Will proposed Tri-City aquatic center soak taxpayers?
On a hot summer day what could sound better than a state of the art indoor/outdoor aquatic center and water park to cool off in? How about one that doesn’t require permanent and ongoing taxpayer subsidies, even under the best case financial projections, to stay afloat.
Unfortunately, the proposal voters are being asked to consider on August 6 would do just that. Kennewick, Pasco and Richland will decide whether to authorize a sales tax increase of 0.1% to build and operate the new water facility.
To its credit, the new Tri-Cities Regional Public Facilities District (TCRPFD) is being very upfront that the proposed aquatic center in Pasco is expected to run at a 12% operating loss requiring approximately $400,000 a year in taxpayer subsidies to stay in the black.
- “The annual operational expenses are projected at $3.4 million annually, including 12 fulltime positions, variable part-time and seasonal positions; plus a set aside for future equipment replacement. Revenues from user fees and concessions are estimated to generate approximately $3 million annually leaving an estimated annual operational shortfall of $400,000 per year (about 12%). The TCRPFD Board estimates that there will be sufficient revenue from sales tax proceeds to cover the projected operating loss.”
Market Constraints (emphasis added)
- “The fees being paid at most facilities for recreational swimming are at the low end of the spectrum that will not allow for a more aggressive fee structure at a new Tri-Cities Aquatic center.
- Most competitive swim teams are also paying very low fees for the use of pools. This will also affect the fees that will be able to be charged at a new competitive pool.
- Because there is a reasonably small competitive swimming market currently in existence, it will take some time for the growth to reach a level to adequately support a 50 meter pool.
- Despite the excellent market for a new Tri-Cities Aquatic Center, the reality is that the facility will not be able to cover its cost of operation by revenues generated from the facility.”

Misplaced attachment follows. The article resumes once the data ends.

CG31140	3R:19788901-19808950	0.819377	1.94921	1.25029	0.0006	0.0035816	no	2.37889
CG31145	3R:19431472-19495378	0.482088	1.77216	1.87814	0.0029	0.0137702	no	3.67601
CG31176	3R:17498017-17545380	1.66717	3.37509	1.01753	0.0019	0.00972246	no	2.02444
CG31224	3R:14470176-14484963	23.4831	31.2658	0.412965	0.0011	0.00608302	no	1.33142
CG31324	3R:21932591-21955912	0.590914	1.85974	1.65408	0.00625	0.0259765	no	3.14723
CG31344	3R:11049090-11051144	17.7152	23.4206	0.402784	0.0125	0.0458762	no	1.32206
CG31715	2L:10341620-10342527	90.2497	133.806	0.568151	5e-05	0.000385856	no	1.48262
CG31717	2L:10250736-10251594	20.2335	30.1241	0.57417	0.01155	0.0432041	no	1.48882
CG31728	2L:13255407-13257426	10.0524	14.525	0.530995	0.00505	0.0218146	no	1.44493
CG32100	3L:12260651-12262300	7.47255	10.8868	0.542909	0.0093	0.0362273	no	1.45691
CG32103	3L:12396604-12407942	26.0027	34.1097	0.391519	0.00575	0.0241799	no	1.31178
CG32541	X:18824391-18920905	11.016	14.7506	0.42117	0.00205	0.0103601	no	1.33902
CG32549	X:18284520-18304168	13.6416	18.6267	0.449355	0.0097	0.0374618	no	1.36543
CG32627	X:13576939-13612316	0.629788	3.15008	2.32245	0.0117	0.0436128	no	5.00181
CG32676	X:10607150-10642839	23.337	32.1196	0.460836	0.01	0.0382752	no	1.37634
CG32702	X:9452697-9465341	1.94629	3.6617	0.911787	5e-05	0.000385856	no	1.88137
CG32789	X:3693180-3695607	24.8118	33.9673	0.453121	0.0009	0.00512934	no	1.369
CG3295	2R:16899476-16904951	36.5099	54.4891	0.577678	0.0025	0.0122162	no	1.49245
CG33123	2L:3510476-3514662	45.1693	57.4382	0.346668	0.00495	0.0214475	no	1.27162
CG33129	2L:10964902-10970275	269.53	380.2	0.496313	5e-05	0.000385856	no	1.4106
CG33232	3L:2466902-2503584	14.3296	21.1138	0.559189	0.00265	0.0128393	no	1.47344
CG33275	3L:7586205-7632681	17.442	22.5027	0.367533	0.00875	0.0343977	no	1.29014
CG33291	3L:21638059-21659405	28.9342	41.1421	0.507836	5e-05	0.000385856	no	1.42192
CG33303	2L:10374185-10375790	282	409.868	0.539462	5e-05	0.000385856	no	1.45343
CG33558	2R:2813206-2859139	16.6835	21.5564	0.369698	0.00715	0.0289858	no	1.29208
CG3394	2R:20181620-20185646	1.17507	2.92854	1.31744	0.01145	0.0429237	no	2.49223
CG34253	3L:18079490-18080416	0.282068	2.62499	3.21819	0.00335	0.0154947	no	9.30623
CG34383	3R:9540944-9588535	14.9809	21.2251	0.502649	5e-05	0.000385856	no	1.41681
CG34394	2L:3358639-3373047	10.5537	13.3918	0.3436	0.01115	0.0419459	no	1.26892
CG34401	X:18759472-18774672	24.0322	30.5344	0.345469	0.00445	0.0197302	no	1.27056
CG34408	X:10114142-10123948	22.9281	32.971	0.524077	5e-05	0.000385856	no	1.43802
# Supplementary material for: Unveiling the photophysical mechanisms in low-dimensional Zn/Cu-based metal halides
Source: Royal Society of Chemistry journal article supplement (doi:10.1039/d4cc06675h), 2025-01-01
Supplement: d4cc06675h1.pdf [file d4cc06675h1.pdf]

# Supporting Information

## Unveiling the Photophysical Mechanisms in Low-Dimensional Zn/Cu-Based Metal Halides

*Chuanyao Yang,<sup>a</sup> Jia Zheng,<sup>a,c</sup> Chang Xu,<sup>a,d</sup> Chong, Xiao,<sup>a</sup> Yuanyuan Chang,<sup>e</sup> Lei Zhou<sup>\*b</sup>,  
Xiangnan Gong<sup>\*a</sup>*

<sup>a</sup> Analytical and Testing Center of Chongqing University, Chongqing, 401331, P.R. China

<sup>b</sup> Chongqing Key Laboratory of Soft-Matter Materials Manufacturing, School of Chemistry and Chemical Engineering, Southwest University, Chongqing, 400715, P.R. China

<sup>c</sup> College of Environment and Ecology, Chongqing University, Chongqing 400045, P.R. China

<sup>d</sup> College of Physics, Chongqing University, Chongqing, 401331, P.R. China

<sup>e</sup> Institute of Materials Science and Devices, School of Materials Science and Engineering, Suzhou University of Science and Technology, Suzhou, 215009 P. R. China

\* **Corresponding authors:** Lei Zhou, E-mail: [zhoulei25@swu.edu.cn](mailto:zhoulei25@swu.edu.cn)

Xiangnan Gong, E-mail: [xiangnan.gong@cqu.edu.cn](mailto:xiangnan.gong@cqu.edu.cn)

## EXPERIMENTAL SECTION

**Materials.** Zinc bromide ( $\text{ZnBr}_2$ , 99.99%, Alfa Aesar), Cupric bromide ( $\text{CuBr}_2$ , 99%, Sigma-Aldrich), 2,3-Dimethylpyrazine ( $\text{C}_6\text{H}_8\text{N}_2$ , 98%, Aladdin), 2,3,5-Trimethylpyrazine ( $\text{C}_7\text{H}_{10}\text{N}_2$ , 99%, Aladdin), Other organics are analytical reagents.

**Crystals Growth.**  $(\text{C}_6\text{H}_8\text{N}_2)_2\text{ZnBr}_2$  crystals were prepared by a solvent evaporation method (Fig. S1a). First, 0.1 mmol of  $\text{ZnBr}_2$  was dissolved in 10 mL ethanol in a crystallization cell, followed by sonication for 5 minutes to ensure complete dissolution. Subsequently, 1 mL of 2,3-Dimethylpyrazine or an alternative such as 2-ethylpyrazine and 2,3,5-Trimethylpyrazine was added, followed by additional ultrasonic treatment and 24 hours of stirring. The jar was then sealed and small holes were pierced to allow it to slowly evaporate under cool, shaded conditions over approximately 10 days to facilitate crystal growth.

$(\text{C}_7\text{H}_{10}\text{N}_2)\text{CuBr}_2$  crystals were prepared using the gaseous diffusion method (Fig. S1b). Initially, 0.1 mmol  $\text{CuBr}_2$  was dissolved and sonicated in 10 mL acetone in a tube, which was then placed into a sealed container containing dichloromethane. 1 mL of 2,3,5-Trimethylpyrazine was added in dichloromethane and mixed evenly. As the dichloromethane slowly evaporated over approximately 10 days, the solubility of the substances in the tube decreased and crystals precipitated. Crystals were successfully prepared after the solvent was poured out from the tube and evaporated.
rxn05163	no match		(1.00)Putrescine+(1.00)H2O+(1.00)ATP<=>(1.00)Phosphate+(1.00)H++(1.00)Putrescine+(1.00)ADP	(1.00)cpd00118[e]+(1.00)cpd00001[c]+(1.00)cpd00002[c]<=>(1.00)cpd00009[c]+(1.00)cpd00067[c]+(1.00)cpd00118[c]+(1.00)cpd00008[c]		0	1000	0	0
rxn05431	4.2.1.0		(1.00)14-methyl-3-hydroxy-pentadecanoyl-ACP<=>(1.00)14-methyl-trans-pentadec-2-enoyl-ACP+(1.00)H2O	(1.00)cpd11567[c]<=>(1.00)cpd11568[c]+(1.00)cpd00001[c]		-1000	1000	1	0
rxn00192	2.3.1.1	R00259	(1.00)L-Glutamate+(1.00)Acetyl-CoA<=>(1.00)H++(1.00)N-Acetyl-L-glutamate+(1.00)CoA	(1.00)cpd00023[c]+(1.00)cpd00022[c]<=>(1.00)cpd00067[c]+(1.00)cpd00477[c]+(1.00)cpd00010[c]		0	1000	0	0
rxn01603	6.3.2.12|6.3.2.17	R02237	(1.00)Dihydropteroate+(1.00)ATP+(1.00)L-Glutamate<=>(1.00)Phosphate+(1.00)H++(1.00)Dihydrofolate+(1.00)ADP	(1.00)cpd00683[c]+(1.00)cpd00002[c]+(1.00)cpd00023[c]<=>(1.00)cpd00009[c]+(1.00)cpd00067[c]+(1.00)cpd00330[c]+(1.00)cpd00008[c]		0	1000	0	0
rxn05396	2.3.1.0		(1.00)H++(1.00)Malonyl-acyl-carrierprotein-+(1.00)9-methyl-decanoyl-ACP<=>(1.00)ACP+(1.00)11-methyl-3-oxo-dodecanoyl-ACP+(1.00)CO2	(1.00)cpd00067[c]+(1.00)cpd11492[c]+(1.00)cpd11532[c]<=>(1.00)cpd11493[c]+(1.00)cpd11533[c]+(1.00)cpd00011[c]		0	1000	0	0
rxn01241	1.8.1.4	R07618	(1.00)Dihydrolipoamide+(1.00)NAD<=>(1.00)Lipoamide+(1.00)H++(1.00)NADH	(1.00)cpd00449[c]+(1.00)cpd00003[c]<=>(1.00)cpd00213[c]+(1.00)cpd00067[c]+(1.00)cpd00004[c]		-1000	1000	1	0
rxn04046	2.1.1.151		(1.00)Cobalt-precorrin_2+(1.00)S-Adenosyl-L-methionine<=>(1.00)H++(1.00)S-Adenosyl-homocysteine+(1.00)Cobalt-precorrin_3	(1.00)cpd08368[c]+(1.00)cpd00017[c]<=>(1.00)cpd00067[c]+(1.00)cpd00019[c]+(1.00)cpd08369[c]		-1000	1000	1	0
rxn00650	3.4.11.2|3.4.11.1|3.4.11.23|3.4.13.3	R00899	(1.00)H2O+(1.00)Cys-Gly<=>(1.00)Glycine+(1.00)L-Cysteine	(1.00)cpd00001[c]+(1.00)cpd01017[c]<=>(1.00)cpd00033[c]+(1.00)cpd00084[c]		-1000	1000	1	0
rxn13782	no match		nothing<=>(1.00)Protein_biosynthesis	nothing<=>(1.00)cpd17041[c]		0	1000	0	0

Where exactly are those “marked constraints” coming from? Existing public and private water centers. As noted by contracted feasibility study:
“While there are not any indoor public pools in the market area, there are a significant number of outdoor public pools in the Tri-Cities area.”
- City of Pasco – Memorial Pool
- City of Richland – George Prout Memorial Pool and Bader Mountain Splash and Play
- City of Kennewick - Kenneth Serier Memorial Pool and various aquatic playgrounds
The study goes on to say:
- “The other provider of aquatics facilities is the private sector. With the lack of public indoor facilities, the private sector has taken on the unusual role of being the primary provider of indoor aquatic facilities in the Tri-Cities area”
- Columbia Basin Racquet Club
- Tri-City Court Club
- Kia Ora Health Club
- Gold’s Gym
- Lifequest (Long range plans for indoor pool)
The study continues:
“In addition to the private pools that are noted above, many HOA’s in the Tri-Cities area also have small outdoor pools that are available to their residents. At one time there was also a large private outdoor water park (Oasis Water Park) which has since closed. However, there have been some continued discussions about possibly developing another similar facility somewhere in the Tri-Cities area in the future.”
Besides the availability of existing water centers perhaps the most challenging aspect for this project is this finding of the contracted feasibility study:
“A goal of consistently covering 80-90% of operational expenses with revenues should be attainable but there is virtually no possibility of recovering all operating expenses through facility revenues. However, it must be realized that virtually all indoor/outdoor aquatic centers that have been built in the last fifteen years are not covering their operating expenses with revenues.”
After the debt fiasco in Wenatchee a few years ago – in which the community’s new arena struggled to meet its financial obligations – lawmakers passed a law requiring Public Facility District proposals to receive an independent financial feasibility study. According to the state Department of Commerce, however, that independent study won’t be available until after taxpayers are asked to approve a permanent sales tax increase to not only build the proposed aquatic center, but also cover its operating losses estimated to be at least at 12% a year.
The question taxpayers are being asked to decide on Aug 6: Is it worth permanently tying up this new taxing authority to cover the proposed aquatic center’s construction and operating loss or should the TCRPFD instead come back with a new proposal that doesn’t demand ongoing operating subsidies from taxpayers but instead is focused on paying for just the capital expense of a project that can carry its own weight with user fees, concessions, and private sponsorships?